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Hong Kong Journalists Association Stands Firm Amid Criticism


Chairperson of the Hong Kong Journalists Association Ronson Chan, left, and Chris Yeung, chief editor of the annual report, during a press conference for the release of the organization’s annual report , 'Freedom in Tatters,' in Hong Kong on July 15, 2021.

For over 50 years the Hong Kong Journalists Association has promoted and protected media rights, but now the organization says it is under a “thunderstorm” of pressure.

Members of Hong Kong’s government and police, and at least one pro-Beijing newspaper, have accused the HKJA this month of being biased toward pro-democracy papers, recruiting students as journalists, and failing to acknowledge claims that its members obstructed police during protests.

Ronson Chan, chair of HKJA, believes the criticism is part of an effort to force the association to close.

“I would say they are trying to add some pressure to us, maybe they hope to see we may disband as well as other community groups. We won’t,” Chan said.

Run by working journalists in the city and with more than 500 members, the HKJA acts as a trade union for media workers with a mission to enhance press freedom and improve professional standards. The independent group is an affiliate of the International Federation of Journalists.

But since Hong Kong’s national security law was passed in 2020, the city’s media freedom has come into question.

In its annual report, published in July, the association found that “freedoms have seriously deteriorated” and risks for journalists have increased.

The report cited media arrests and the closure of pro-democracy newspaper Apple Daily, as well as changes at public broadcaster Radio Television Hong Kong that prompted the cancellation of shows amid allegations of bias, and the nonrenewal of some contracts.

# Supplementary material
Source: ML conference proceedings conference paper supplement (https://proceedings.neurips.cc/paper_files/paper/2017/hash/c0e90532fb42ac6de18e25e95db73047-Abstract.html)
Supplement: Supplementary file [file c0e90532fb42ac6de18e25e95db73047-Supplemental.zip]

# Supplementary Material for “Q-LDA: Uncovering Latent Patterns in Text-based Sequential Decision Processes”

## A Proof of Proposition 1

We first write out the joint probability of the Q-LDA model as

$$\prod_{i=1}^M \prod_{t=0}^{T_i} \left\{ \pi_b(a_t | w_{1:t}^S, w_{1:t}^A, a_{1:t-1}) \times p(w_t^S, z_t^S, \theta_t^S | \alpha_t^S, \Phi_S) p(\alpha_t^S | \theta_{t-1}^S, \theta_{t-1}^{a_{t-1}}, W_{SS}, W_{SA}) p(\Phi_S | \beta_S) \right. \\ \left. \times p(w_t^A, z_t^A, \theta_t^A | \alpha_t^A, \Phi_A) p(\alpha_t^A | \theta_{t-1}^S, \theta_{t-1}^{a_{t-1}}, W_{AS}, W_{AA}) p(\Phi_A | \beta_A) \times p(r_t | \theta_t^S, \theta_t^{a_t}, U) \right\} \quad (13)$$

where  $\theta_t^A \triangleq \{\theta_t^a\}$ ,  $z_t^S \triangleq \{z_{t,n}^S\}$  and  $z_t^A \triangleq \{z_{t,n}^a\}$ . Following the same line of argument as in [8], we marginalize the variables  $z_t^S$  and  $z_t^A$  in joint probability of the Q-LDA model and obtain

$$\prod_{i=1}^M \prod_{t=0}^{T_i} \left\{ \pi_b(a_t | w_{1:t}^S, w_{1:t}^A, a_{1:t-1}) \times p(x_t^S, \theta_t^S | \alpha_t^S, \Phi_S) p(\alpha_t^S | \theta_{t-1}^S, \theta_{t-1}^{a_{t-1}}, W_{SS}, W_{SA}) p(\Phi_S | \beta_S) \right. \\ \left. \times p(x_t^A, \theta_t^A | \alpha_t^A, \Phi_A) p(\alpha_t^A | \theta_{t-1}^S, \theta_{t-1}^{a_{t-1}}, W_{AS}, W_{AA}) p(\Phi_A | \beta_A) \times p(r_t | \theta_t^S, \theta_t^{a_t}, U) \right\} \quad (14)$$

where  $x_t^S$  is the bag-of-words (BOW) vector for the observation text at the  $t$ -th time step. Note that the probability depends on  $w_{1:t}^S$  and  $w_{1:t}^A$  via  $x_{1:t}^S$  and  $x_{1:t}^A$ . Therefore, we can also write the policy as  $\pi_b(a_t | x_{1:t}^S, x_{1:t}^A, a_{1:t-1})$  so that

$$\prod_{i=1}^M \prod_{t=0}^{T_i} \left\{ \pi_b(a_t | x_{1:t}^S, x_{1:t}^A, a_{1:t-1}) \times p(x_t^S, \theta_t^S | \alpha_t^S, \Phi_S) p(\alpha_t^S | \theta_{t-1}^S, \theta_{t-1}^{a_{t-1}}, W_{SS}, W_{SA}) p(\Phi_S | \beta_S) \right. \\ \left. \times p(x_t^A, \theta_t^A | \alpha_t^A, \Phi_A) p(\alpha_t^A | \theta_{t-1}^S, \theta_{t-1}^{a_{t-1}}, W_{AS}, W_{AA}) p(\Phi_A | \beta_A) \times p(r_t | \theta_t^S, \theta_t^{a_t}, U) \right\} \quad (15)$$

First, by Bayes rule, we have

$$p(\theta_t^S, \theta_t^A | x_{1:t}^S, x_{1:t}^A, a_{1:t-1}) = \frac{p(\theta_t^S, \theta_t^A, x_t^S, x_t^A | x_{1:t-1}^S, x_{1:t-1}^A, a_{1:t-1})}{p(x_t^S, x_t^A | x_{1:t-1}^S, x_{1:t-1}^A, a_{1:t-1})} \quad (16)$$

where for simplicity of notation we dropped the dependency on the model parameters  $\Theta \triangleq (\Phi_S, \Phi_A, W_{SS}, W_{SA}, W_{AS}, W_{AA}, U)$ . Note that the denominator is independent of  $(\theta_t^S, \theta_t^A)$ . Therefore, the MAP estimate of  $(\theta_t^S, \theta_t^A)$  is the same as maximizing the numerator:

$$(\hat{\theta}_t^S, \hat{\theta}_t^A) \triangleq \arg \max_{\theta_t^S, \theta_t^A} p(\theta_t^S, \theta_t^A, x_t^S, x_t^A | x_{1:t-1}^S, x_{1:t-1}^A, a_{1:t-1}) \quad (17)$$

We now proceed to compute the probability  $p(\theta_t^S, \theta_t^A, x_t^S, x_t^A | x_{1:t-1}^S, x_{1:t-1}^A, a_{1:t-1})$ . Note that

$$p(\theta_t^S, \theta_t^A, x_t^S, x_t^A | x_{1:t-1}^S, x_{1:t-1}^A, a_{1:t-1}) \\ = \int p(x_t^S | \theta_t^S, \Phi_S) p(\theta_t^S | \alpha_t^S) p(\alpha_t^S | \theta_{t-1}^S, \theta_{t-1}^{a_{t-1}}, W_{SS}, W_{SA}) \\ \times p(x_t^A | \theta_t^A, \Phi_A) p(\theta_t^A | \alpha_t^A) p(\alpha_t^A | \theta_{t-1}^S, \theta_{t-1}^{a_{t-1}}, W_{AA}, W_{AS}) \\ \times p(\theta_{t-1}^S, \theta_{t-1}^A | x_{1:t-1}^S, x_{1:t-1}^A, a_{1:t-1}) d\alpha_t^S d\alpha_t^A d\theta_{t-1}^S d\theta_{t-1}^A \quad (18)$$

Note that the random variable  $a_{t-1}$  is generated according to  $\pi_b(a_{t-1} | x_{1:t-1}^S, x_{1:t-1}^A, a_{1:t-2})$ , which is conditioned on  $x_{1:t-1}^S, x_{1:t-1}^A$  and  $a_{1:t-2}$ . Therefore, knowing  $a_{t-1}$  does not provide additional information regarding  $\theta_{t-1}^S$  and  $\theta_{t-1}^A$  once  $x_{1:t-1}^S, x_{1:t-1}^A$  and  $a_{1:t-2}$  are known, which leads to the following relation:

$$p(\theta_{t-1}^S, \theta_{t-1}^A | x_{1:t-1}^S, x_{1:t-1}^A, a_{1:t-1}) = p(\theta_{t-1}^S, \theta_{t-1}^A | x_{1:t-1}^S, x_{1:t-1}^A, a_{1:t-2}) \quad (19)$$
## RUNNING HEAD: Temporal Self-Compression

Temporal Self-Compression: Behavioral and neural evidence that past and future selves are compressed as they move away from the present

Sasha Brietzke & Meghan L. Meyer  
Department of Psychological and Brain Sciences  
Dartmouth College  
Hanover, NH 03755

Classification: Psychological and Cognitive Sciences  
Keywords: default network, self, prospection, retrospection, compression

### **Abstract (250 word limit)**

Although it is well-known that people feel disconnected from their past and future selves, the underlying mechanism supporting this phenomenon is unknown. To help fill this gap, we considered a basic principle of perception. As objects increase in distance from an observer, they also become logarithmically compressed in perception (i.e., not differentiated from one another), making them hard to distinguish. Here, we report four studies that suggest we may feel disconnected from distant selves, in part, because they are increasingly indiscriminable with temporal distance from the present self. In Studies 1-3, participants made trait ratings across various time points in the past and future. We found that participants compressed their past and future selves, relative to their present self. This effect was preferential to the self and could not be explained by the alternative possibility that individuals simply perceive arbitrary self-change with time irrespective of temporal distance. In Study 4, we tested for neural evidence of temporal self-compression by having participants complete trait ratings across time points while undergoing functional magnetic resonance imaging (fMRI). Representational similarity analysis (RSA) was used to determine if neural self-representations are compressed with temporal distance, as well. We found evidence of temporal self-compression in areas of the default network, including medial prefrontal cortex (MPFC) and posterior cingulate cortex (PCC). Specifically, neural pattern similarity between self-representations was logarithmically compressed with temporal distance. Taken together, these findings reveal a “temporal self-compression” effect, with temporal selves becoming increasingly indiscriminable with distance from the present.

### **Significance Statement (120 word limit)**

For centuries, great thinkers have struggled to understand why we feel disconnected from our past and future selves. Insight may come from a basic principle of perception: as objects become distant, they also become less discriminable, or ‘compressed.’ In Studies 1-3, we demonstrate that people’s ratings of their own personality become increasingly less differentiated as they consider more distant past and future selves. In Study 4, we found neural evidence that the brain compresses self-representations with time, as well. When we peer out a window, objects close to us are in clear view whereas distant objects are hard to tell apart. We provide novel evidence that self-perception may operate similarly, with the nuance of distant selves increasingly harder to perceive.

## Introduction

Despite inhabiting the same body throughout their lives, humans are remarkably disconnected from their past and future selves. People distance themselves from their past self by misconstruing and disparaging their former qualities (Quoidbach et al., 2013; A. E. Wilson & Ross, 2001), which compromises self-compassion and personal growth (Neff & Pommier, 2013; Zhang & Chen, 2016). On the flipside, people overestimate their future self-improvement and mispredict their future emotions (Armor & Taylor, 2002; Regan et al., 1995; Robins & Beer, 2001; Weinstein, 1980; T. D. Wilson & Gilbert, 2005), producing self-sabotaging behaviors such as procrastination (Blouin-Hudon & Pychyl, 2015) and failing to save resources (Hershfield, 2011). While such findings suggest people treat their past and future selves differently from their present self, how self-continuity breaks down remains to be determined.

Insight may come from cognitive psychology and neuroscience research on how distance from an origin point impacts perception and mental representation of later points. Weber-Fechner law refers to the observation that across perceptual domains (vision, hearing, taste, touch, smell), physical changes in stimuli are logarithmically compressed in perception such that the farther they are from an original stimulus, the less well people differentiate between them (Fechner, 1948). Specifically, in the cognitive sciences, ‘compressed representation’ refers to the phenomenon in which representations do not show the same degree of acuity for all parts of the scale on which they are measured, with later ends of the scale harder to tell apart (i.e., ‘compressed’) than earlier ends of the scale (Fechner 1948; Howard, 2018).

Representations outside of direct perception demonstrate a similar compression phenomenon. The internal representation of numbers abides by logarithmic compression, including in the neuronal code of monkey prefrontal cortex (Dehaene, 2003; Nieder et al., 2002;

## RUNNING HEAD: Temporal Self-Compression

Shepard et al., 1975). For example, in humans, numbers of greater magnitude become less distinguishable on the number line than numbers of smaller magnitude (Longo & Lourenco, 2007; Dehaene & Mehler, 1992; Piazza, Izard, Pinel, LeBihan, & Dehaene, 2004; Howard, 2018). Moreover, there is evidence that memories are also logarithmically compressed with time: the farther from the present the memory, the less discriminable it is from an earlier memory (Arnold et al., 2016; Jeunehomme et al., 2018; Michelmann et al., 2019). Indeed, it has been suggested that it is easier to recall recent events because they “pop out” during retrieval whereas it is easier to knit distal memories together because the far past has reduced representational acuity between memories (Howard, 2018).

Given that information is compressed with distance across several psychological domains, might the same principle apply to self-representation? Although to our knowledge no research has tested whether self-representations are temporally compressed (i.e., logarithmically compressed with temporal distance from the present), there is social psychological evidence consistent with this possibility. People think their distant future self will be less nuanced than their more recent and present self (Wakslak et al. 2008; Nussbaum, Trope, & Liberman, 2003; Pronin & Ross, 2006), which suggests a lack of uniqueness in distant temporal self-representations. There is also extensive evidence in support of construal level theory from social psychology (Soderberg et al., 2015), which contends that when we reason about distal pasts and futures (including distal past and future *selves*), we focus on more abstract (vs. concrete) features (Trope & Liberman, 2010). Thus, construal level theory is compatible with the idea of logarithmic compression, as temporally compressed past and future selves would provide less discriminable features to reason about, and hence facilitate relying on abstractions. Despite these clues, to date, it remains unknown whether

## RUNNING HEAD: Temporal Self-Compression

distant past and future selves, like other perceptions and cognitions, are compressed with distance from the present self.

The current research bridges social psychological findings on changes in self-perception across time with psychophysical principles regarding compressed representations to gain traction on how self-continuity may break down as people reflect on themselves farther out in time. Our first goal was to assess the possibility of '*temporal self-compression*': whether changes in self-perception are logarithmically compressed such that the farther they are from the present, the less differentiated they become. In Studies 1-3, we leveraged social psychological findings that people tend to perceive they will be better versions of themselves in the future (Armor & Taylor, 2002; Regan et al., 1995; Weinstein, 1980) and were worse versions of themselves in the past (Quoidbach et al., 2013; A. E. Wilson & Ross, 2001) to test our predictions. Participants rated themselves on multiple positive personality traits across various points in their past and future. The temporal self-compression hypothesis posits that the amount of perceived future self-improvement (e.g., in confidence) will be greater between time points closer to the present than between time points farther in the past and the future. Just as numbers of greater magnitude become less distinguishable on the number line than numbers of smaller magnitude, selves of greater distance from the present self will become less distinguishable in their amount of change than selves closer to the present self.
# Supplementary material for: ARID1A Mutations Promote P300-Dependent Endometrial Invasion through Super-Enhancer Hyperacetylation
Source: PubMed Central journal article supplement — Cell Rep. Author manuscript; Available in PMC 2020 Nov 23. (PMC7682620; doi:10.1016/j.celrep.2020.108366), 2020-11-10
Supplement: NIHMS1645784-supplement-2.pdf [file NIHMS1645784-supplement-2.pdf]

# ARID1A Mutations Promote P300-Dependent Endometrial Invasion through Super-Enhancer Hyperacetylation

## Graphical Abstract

Now, says Chan, the HKJA is in a “thunderstorm” of pressure itself.

In an interview with the pro-Beijing Chinese-language outlet Ta Kung Pao this month, Hong Kong’s Secretary for Security Chris Tang accused the journalists association of having biased views and favoring pro-democracy news organizations.

Tang said the association’s membership includes a large number of student journalists. He accused HKJA of influencing young reporters and promoting the concept that “everybody can be a journalist,” even 13-year-olds.

His comments appeared to be in reference to a case in May 2020 when a 13-year-old, who was volunteering with a news outlet, was detained during anti-government protests in Hong Kong.

HKJA’s Chan told VOA the accusations aren’t new, and called Tang’s comments “illogical.”

He denied that the detained teenager was a member of the association and said journalism students account for “less than 60” of its members.

Media concerns

Tang was not the only official to make claims against the group this month.

During an event at a police college, Hong Kong’s police commissioner Raymond Siu Chak-yee echoed accusations that HKJA is biased toward certain sectors of the media, and Wen Wei Po, a pro-Beijing paper based in the city, criticized the group for being anti-government.